Winter squash need a 120-day growing season for the fruits to reach maturity. Harvest is usually done by hand to avoid bruising the fruits, and for best flavor and texture, winter squash should be allowed to ripen fully on the vine. A light frost can further improve the flavor by changing some of the starches to sugars. In general, once the vines begin to die back and the shells are hard, the squash is ready to harvest.
After they are removed from the vine, pumpkins and winter squashes should be cured in a warm, dark location for a week or more prior to being stored. Before storing, squash is also often washed and disinfected by being dipped in hot water or a weak bleach solution. This disinfecting helps prevent fungal and bacterial rots from starting in small cuts or crevices on the skin.
Winter squash should be stored long term in a cool room at about 55 degrees F. Squash should not be stored near apples, pears or other ripening fruit that releases ethylene gas. If stored properly, squash is often wonderfully edible even six or more months after harvest, which explains why there are usually nice winter squash for sale at the markets even in July.
Squashes, gourds, cucumbers and pumpkins are known collectively as the cucurbits (kew-cur-beets). These plant parts are usually eaten as vegetables, but botanically they are referred to as fruits. The term “winter squash” refers specifically to the squash cucurbits that are stored for future consumption, as opposed to the summer squash, that are consumed fresh.
There are four main species of squash, and each species has a number of varieties. Hubbard and banana squashes are in the species Cucurbita maxima; butternuts are Cucurbita moschata; acorn and spaghetti squashes, along with zucchini, yellow summer squash, and common pumpkins belong to Cucurbita pepo. Finally, the species Cucurbita argyrosperma (Curcubita mixta) is represented by the cushaws and other squashes used for commercial processing.
Although true pumpkins are from the Cucurbita pepo species, all four of the winter squash species produce some form of fruits called pumpkins.
Cucumbers are also cucurbits, and they all belong in the Cucumis genus. Other non-cucurbit, but squash-type plants that are grown include bottle gourds (Lagenaria siceraria), luffa sponge (Luffa aegyptiaca), bitter gourds (Momordica charantia), and wax gourds (Benincasa hispida).
Hubbard is probably the single most commonly grown winter squash variety. It’s very large and hard-shelled and has been popular for centuries because it stores well and reliably produces fruits that weigh up to 12 pounds each.
These days, rediscovered “new” varieties, like red kuri from Japan, lakota, a native American variety, and blue ballet, a once rare variety, are showing up in fields more frequently, along with legitimate new varieties such as Cornell University’s recent introduction of a new delicata variety that is more pest resistant than the old delicata varieties. Open-pollinated varieties like these are more frequently becoming agricultural breeders’ goals and tools. There is also a strong feeling among growers that smaller fruiting varieties will be more popular among retail customers than the old behemoths.
It is doubtful that many small farmers will suddenly begin growing squash for the canning industry. We as a nation eat less than a pound per individual of processed squash each year, a figure that has remained relatively steady for many years. Unless your farm is geographically placed among many other farms that are already growing winter squash for the canneries, you are far more likely to take advantage of the value-added marketing strategies for your winter squash. New small farmers are mightily encouraged, via several government publications, to enter the pumpkin and winter squash industry from the “entertainment farming and agritourism” aspect.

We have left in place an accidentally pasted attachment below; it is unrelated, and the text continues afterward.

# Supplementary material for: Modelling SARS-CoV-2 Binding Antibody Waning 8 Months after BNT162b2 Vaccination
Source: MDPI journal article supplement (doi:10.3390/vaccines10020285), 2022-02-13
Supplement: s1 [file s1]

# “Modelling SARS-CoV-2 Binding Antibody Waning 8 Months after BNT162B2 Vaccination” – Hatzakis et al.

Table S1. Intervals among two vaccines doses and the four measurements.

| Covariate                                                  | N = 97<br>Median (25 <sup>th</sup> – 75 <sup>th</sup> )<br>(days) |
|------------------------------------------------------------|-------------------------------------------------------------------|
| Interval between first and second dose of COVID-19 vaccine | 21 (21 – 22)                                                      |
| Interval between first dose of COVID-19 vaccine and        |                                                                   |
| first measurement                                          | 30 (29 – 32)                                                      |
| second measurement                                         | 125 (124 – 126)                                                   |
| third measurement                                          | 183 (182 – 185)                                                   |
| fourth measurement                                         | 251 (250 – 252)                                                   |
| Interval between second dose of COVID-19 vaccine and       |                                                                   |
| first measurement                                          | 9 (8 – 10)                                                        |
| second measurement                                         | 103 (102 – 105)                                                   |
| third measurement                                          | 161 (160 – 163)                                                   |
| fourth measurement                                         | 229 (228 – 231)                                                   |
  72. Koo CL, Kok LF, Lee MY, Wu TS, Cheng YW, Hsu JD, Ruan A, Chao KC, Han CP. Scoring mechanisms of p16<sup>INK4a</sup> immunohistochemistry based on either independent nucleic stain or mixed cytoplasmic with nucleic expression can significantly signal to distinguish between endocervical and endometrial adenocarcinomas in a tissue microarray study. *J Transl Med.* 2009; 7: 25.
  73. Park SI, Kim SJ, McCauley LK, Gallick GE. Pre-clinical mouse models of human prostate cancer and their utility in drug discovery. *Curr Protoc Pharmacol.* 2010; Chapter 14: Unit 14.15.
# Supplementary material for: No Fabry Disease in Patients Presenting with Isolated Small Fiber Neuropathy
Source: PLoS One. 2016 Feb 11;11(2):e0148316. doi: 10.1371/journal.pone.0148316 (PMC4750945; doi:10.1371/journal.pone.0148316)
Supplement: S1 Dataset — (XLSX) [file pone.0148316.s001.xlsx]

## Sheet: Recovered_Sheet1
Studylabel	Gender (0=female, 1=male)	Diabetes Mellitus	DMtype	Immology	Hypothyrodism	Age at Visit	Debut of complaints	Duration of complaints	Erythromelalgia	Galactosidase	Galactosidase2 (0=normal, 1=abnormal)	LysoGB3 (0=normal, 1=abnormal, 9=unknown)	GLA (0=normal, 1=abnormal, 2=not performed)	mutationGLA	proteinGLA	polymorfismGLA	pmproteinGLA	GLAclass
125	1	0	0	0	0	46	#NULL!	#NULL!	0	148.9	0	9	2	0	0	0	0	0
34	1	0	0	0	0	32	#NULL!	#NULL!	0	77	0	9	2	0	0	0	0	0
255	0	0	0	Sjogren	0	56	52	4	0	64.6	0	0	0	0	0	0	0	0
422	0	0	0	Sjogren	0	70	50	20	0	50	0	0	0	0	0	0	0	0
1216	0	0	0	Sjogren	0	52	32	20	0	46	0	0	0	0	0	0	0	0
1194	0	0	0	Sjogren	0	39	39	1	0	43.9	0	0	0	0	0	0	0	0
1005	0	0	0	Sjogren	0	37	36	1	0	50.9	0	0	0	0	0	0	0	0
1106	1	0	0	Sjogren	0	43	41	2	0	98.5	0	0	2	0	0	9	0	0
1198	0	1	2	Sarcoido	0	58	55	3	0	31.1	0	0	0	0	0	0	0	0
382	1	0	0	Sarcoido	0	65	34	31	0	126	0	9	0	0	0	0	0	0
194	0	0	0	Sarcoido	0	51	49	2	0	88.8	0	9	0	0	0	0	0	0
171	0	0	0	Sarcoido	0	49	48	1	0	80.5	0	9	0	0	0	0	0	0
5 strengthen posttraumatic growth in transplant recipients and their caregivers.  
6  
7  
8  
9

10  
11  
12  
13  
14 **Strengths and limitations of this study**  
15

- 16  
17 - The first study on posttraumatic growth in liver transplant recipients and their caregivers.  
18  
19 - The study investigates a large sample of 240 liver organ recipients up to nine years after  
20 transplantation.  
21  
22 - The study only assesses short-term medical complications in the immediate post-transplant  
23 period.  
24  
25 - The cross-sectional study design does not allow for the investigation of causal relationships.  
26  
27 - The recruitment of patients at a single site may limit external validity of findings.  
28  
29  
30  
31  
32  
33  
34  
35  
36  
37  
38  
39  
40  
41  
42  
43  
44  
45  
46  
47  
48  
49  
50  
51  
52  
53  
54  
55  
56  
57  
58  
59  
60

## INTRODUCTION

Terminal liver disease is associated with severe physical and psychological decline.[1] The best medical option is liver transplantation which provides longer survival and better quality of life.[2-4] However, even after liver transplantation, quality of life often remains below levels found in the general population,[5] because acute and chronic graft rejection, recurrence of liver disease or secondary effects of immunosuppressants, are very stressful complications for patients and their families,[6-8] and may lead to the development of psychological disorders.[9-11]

Value-added means in this case that you will sell the product at retail, and that you will make some effort to enhance the buying experience for your customers. In short, you will want your customers to be attracted to the romance of the farm and the farm products. If you do it right, your customers will be emotionally enriched by the experience of interfacing with our agricultural past.
If you are selling at the retail level, you’ll appreciate having multiple products with which to tempt your customers. You will probably find it most profitable to grow a selection of the major fall cucurbits. Growing pumpkins, big winter squashes, small winter squashes and gourds all at the same time is advised. Colored “Indian” corn is another complementary product that should be considered.
If the idea of selling at retail is not for you, you might consider the possibilities for supplying products to another farmer who does sell to retail customers. You may find a perfect niche by supplying your products to a roadside stand or a farmer’s market seller.
There are always new angles to use when marketing cucurbits. New varieties, smaller fruits that provide one-meal quantities for two people, and promoting edible pumpkins are some of the current major cucurbit marketing angles. Of course, in America, Halloween and Thanksgiving are two fall holidays that give a strong push to the sale of pumpkins, gourds and winter squash, but there is a greater penetration into the mainstream edible vegetable market.
As with all new crops, farmers are advised to make a diligent survey of the current practices in their area, and determine exactly how they are going to raise the crops and who their customers will be before they plant any seeds.
This article first appeared in the October/November 2003 issue of Hobby Farms magazine. Pick up a copy at your local newsstand or tack and feed store. Click Here to subscribe to HF.